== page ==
Of the Russian couturiers, the Empress's favorite was Avdotya Ivanovna from St. Petersburg. Creating costumes for the imperial theater was her main activity, but soon she began to sew for the empress. Alexander III, unlike his wife, did not like to dress up. He in every possible way avoided various balls, especially masquerades. But there were times when it was impossible to avoid these events. He wore civilian suits only on business trips abroad, so he was most often seen in military uniform. In the choice of clothes, it was more difficult for him to please than his wife. He constantly had quarrels with the tailors.

Alexander III loved to travel around Europe in three-piece walking suits, but for various visits or trips to the theater, he chose a suit made of wool, with a satin collar, trimmed buttons, an elegant bow tie and a white shirt.

Wedding dress - special outfit

In addition to the everyday and ceremonial attire of the emperors, there were also for one special occasion, for example, a wedding dress. There was special preparation for this celebration, respectively, and the outfit was made more sophisticated. The wedding dress was sewn of silver brocade, decorated with embroidery of silver threads, as well as feathers.

Take, for example, the wedding dress of the bride of Emperor Nicholas II, Princess Alexandra Feodorovna. A distinctive feature of her silver dress was a train, about four meters long, which was carried by as many as ten courtiers. The bride's look was completed with a gorgeous wedding crown decorated with diamonds.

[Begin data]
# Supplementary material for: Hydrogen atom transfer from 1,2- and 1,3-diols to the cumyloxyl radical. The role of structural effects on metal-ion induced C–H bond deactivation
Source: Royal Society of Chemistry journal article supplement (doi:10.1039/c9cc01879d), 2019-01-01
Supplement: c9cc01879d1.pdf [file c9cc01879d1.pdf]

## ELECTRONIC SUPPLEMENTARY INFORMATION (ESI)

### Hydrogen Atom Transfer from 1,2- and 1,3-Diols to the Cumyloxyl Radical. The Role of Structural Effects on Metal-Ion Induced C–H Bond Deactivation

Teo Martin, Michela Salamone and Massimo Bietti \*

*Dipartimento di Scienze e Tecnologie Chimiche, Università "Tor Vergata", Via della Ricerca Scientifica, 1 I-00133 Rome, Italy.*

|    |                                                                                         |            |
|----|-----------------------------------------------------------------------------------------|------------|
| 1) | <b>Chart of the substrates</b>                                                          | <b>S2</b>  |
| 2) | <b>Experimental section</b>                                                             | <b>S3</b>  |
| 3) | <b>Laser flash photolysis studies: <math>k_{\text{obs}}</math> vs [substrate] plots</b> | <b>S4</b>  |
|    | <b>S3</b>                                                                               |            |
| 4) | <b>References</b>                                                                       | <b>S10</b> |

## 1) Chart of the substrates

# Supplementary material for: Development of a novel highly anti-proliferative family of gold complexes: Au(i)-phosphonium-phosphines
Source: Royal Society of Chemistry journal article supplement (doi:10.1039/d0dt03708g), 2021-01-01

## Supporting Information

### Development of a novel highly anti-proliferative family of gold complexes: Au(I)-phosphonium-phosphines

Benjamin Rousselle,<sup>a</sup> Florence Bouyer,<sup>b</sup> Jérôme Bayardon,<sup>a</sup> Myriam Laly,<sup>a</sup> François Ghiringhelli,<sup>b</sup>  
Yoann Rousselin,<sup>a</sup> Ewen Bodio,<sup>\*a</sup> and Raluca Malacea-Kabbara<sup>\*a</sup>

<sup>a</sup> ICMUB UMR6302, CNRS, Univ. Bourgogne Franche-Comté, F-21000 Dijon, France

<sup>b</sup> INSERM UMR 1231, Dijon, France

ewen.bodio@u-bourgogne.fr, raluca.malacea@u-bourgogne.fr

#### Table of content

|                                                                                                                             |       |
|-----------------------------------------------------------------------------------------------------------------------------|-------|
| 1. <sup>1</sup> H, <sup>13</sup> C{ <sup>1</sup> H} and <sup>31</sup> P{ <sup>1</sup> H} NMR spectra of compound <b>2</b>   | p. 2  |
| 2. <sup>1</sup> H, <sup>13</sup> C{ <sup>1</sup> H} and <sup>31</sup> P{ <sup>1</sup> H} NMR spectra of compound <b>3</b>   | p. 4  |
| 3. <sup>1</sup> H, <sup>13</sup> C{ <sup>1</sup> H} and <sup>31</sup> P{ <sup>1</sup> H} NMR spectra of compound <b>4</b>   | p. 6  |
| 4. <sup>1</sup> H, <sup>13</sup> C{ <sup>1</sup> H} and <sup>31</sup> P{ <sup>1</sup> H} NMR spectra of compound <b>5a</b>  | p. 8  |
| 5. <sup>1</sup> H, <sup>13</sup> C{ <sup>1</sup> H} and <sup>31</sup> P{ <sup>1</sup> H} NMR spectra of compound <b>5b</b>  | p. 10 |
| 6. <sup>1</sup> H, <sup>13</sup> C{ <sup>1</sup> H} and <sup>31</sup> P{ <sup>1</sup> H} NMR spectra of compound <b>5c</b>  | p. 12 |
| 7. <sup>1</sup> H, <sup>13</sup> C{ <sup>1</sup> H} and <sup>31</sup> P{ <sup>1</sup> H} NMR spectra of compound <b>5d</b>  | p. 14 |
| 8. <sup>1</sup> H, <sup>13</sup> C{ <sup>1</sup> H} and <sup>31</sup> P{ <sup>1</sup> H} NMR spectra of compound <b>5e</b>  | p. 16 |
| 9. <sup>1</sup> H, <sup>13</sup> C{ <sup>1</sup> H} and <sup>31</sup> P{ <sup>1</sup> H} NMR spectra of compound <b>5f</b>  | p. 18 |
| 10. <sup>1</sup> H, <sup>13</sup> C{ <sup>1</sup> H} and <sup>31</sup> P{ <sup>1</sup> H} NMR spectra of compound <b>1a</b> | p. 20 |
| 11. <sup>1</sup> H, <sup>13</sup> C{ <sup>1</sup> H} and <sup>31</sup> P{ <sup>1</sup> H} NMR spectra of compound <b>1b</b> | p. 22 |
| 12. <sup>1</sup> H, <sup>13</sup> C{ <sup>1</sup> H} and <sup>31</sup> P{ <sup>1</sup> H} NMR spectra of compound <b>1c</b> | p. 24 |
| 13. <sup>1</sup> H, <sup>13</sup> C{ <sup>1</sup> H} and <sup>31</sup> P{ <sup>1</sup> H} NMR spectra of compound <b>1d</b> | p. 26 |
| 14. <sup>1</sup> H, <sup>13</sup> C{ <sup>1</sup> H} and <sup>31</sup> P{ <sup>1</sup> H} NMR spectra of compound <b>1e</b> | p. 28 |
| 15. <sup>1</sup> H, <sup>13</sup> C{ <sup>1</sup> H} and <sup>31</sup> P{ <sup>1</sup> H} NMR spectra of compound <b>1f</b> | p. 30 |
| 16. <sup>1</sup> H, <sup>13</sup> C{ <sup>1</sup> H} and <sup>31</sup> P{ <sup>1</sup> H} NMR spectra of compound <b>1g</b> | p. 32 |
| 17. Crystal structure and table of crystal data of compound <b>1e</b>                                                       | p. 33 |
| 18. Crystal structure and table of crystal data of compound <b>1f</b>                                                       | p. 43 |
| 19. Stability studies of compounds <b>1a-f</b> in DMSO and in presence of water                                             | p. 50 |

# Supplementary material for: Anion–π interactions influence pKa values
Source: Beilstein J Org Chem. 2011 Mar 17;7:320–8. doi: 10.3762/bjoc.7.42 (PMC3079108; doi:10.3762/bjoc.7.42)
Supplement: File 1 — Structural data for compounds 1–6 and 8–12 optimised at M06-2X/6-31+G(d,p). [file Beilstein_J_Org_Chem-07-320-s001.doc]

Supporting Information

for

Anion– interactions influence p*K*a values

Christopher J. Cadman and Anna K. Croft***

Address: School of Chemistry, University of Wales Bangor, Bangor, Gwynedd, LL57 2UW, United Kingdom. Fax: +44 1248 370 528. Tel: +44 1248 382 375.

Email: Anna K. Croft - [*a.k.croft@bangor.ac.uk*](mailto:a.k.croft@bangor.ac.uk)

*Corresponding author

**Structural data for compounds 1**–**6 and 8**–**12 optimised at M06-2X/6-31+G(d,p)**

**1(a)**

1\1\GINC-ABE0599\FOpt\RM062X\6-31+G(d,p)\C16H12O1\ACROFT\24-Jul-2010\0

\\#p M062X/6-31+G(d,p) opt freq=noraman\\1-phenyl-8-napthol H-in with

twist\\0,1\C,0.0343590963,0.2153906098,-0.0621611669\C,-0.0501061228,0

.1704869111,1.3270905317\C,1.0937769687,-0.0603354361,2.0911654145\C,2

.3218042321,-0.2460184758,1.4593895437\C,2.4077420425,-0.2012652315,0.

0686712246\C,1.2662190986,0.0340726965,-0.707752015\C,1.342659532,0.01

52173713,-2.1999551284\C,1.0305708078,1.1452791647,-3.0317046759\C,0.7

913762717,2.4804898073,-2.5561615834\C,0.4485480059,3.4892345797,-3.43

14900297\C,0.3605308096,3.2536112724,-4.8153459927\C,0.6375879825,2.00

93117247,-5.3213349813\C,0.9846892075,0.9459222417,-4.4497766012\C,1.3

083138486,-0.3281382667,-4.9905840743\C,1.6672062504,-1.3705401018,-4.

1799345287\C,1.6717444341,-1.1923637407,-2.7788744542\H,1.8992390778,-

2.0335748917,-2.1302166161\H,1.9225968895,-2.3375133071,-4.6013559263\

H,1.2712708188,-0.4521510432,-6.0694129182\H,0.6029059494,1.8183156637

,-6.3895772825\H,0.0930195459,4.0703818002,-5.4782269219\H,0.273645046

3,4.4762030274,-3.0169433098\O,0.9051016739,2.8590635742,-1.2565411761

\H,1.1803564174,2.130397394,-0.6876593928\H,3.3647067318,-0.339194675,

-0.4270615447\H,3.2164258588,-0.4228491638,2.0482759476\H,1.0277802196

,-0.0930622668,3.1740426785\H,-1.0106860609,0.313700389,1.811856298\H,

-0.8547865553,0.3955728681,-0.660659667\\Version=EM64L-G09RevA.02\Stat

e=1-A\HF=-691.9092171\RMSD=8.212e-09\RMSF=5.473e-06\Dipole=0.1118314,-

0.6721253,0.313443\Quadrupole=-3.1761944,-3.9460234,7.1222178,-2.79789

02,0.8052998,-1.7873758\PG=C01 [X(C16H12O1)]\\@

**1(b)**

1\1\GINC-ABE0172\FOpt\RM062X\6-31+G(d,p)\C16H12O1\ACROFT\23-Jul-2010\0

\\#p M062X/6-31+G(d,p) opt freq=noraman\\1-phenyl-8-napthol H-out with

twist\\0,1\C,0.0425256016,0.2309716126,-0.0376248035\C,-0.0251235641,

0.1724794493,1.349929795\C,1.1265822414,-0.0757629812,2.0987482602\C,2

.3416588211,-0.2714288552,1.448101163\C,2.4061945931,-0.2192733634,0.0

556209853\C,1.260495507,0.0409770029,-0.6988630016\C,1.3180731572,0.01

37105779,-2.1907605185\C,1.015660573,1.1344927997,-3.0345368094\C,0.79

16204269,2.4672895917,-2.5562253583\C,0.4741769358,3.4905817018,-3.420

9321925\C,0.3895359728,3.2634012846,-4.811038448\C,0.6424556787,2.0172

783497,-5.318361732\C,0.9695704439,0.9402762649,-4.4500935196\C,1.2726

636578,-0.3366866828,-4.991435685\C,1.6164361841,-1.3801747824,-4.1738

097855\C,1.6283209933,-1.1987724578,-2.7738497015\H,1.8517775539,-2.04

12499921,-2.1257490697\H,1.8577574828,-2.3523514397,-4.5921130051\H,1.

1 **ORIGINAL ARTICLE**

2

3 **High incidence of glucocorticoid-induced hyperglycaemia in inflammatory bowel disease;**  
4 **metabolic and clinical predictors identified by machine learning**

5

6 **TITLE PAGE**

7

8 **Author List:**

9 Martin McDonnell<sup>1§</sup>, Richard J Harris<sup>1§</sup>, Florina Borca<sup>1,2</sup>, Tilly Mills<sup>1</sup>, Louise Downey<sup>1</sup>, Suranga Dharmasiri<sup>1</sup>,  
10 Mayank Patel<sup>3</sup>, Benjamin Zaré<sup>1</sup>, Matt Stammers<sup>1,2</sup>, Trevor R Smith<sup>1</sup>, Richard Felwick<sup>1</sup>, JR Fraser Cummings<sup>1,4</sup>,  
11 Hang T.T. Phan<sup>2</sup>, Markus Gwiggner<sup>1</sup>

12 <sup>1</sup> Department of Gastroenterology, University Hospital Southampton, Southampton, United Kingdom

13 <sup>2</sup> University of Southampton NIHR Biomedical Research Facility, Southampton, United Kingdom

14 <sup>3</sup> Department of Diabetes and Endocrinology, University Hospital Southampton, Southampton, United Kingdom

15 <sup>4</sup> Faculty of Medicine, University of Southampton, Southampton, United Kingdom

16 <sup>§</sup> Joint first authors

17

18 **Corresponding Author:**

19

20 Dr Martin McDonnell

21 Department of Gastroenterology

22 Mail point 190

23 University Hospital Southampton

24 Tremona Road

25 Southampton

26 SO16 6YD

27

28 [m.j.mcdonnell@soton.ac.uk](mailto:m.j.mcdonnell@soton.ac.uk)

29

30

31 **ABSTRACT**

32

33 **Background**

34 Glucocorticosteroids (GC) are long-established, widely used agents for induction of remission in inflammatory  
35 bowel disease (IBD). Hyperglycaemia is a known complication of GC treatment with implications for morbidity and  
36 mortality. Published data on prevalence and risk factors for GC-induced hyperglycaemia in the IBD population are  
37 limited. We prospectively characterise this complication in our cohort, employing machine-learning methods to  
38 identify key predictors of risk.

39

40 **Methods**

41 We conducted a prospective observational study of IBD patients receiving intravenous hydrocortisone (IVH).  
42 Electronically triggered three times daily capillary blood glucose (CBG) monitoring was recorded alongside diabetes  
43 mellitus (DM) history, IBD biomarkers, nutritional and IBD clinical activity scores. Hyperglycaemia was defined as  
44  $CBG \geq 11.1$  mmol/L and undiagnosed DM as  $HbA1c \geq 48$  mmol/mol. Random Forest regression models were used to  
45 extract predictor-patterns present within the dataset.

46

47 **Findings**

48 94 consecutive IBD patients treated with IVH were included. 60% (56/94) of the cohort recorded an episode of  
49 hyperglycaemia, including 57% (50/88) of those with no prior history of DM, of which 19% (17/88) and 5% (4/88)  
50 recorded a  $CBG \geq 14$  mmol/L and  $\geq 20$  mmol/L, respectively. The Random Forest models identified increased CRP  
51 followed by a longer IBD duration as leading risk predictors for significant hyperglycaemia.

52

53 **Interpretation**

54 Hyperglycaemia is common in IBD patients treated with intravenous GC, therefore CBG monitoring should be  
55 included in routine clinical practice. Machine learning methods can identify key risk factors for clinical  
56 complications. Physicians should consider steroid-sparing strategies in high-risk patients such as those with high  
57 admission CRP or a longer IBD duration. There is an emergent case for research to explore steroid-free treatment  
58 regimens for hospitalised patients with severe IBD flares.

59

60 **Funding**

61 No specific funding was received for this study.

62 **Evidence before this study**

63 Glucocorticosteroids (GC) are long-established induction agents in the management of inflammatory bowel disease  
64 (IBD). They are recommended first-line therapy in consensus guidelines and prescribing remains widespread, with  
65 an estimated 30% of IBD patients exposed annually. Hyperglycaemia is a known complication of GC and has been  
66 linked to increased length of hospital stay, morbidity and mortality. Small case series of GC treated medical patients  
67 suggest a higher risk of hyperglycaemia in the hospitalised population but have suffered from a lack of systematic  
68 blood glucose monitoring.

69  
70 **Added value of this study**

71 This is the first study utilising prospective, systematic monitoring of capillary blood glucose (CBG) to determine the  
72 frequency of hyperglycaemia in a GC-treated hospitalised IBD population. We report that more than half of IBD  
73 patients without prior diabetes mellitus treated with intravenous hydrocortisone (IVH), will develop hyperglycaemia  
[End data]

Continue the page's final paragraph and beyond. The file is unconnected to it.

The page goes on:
Wedding image of Alexandra Fedorovna

The wedding procession coincided with the birthday of Maria Feodorovna, who at that time was in mourning for her husband. The celebration on this day weakened the mourning for the emperor. The widow chose a white silk crepe dress on her wedding day. This color, as well as black and gray, was traditional for mourning ladies' dresses. The choice of a particular color was chosen depending on the degree and period of mourning. The only acceptable decoration for a mourning dress was ruffles, which framed the hem or train.

For one special occasion, more than just wedding dresses were made. For the groom from the imperial family, a robe was made from silver brocade or from brocade, also a variety of brocade on a silk basis, with a silver metal duck. The robe was complemented by a sash made of the same fabric and shoes, which were often edged with swan down. The groom wore this robe only once when he went to his wife's bedroom on their wedding night. This costume, like the ritual, was very important. It was on a par, for example, with the prohibition to see the bride before the wedding. Although the men did not really like the ritual with the robe, but what can you do about it, there are traditions, there are traditions.